Reposted from Murray Bridge News
Start-up company Greenhill Energy has revealed a plan to build a $425 million gas plant at Tailem Bend.
The Riverbend Energy Hub would take organic and other waste otherwise destined for landfill – including leftovers from major Murraylands food processing companies – and turn it into hydrogen gas.
The gas would then be used to generate electricity, and supplied directly to households and industries.
It would also be used to produce hydrogen-based fertilisers such as urea and ammonia, plus other products such as jet fuel, at an industrial scale.
Executive director Nicholas Mumford, who outlined his vision at a Regional Development Australia event on Wednesday, said the project had the potential to redefine the waste management industry.
“We’re looking at a facility that takes in biomass and landfill waste and converts it into higher-value products for the region,” he said.
The facility would help slow the effects of climate change by preventing the release of harmful methane gas in landfills.
It would also create the equivalent of 300 full-time jobs during the construction phase, plus ongoing employment.
It could even give the Murraylands’ farmers a reason to add summer crops into their rotation for an extra revenue stream.
After all, any carbon-based material could be fed into the production process.
The facility would be built in four stages over the late 2020s.
A pilot would first demonstrate the “gasification” technology used to turn bio-waste into hydrogen gas.
Two major components would then be built in about 2025-26, subject to finance and government approvals: a gasifier capable of processing up to 60,000 tons of waste per year, and a 100-megawatt gas power plant.
The next stage would double the size of the plant, and allow it to begin producing urea at an industrial scale.
In the final stage, not expected until about 2030, four more gas turbines would allow the plant to produce much more electricity, and a connection to the Sea Gas pipeline would allow its operators to sell excess hydrogen gas, too.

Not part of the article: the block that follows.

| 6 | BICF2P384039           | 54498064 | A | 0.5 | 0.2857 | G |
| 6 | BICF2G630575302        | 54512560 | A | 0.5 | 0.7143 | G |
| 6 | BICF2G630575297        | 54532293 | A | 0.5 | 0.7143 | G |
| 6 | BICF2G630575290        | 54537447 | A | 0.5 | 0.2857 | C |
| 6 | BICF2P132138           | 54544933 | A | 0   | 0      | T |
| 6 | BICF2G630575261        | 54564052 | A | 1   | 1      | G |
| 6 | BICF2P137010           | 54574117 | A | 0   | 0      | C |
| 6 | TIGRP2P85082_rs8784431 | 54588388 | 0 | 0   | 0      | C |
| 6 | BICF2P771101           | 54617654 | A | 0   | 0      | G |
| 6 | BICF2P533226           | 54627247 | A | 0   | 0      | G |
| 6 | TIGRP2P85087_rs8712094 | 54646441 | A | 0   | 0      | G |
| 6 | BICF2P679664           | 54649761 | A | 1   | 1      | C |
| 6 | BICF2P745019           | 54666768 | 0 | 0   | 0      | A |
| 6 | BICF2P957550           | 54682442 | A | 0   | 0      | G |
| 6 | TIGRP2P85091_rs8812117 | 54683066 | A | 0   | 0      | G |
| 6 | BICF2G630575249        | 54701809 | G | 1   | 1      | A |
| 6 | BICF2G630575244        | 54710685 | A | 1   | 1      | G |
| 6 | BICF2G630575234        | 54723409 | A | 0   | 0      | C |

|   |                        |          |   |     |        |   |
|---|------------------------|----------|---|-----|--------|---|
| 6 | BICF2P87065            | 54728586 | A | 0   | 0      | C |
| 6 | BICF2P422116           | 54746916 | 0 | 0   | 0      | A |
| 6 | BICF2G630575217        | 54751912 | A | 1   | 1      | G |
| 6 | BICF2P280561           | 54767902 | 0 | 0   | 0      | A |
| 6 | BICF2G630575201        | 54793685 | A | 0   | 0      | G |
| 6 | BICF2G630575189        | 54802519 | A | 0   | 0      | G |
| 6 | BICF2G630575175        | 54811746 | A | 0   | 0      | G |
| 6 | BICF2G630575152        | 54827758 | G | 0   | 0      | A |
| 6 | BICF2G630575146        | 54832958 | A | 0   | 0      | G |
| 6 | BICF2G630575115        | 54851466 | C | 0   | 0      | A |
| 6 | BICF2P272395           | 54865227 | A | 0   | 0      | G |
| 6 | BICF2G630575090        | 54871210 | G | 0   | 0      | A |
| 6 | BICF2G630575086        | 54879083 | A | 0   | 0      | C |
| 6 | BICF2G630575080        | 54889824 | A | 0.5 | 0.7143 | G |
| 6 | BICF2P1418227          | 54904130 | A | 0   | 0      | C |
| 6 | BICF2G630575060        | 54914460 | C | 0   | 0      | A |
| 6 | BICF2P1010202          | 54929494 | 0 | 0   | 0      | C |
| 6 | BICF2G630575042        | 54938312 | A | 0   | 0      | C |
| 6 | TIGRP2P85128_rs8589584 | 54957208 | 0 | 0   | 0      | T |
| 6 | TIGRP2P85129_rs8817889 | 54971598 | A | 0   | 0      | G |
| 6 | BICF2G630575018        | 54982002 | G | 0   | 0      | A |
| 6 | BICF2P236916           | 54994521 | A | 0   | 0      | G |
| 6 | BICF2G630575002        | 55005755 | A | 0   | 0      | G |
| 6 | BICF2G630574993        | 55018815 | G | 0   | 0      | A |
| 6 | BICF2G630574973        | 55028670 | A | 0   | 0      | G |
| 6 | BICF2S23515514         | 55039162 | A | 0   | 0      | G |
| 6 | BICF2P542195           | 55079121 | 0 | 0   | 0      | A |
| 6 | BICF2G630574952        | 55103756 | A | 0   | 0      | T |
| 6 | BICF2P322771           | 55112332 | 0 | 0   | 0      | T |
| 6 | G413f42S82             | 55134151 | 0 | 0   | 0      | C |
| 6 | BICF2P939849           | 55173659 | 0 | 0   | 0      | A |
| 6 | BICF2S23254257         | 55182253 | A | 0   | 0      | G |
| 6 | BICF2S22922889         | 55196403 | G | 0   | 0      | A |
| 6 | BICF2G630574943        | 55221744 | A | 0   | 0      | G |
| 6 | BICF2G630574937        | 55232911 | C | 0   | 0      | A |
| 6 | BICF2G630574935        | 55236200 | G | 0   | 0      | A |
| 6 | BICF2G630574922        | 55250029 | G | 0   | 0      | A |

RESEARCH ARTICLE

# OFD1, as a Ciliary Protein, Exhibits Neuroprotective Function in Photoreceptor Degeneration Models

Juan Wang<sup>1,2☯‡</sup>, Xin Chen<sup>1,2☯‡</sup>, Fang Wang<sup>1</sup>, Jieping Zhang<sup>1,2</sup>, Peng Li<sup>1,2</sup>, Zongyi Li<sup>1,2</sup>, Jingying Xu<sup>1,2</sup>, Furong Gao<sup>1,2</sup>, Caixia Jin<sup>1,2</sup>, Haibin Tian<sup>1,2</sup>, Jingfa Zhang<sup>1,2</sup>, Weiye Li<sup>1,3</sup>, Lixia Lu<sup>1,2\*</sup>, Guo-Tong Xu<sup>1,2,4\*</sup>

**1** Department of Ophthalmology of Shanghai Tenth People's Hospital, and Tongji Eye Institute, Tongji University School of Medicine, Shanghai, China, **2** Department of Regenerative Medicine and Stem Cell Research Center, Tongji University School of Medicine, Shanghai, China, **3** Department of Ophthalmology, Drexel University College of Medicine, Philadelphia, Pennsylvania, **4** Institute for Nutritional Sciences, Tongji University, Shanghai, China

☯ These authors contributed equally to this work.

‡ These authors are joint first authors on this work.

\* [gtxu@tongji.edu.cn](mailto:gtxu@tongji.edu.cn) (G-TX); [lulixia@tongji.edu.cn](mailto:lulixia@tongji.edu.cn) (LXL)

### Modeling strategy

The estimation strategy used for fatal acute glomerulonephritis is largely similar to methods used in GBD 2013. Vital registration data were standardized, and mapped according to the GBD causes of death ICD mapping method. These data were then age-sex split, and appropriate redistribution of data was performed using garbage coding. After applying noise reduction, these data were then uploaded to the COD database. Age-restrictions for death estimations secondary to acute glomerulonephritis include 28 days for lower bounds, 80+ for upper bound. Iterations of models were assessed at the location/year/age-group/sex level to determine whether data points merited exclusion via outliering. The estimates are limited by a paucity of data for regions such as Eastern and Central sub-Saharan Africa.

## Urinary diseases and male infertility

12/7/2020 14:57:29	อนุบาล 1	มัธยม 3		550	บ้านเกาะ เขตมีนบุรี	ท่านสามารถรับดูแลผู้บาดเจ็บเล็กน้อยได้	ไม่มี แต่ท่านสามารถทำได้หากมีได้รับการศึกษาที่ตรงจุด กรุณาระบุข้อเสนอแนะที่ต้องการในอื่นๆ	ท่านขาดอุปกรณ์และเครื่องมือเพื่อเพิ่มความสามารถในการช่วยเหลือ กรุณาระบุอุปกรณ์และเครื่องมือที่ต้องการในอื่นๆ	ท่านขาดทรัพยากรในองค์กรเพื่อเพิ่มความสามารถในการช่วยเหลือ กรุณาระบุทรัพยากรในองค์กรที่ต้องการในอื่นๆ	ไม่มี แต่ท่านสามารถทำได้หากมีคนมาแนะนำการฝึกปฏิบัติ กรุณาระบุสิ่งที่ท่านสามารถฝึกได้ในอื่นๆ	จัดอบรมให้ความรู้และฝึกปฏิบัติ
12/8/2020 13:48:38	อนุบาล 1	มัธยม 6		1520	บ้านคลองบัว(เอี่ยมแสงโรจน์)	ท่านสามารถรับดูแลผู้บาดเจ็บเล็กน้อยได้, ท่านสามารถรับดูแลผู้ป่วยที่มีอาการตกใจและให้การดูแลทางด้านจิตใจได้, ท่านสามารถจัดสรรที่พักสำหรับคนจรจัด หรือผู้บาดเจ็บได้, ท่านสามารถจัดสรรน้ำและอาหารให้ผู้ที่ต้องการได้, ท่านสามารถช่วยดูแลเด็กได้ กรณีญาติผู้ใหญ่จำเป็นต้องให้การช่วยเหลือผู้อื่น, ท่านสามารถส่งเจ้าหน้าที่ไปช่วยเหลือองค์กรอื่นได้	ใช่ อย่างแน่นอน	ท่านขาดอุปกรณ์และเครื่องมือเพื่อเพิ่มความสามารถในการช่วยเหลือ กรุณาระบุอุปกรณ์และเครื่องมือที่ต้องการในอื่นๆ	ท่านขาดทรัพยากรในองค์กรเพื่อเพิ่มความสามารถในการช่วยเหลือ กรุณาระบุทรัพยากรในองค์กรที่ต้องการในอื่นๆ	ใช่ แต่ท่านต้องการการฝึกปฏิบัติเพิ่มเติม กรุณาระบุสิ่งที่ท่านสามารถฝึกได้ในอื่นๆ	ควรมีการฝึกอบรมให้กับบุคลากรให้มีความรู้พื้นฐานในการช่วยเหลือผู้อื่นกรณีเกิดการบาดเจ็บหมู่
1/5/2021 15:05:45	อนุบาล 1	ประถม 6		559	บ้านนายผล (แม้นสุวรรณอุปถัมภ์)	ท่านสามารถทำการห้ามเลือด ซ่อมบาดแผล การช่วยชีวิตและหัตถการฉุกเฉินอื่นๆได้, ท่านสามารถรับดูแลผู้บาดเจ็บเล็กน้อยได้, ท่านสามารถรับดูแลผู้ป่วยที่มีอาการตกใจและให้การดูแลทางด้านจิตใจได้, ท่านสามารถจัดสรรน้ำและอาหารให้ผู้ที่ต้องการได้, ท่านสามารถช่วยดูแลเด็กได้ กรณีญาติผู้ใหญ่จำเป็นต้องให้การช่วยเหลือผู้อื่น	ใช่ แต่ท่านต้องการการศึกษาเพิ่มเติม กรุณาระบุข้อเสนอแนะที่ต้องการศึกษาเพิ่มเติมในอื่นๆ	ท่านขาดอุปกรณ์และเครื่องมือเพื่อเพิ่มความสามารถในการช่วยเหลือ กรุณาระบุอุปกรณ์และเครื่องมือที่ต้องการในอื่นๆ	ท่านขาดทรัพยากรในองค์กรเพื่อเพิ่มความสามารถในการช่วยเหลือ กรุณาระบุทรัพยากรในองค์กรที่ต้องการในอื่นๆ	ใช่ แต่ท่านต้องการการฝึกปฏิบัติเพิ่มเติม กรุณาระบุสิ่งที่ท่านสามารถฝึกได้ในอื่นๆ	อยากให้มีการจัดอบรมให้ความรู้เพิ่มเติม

Ultimately, Mr Mumford said, the finished facility would:
- divert 200,000 tonnes of waste away from landfill each year
- produce 100,000 tons of urea fertiliser per year
- generate $200 million worth of annual revenue
Tailem Bend was the perfect location for the facility because it sat in the middle of the Murraylands food bowl, with abundant organic material available to feed into it.
The proposed site for the facility, near the recently completed Tailem Bend solar farm, also offered easy access to the national electricity grid and the gas pipeline.
As a major development, the plant would likely be subject to a public consultation period before being approved for construction.
The project would be privately funded, though it would rely on a federal tax incentive to offset research and development costs.
It would be entirely separate to the state government’s hydrogen jobs plan, a $500 million project at Whyalla which would be government-owned and operated.
Greenhill Energy has been working on its concept since at least 2019.
Regional Development Australia chief executive Ben Fee said the idea was a perfect example of a contribution to a circular economy: creating value out of something that previously would have gone to waste.
“It’s pretty special to get something like this which looks at integrating so much of our ecosystem,” he said.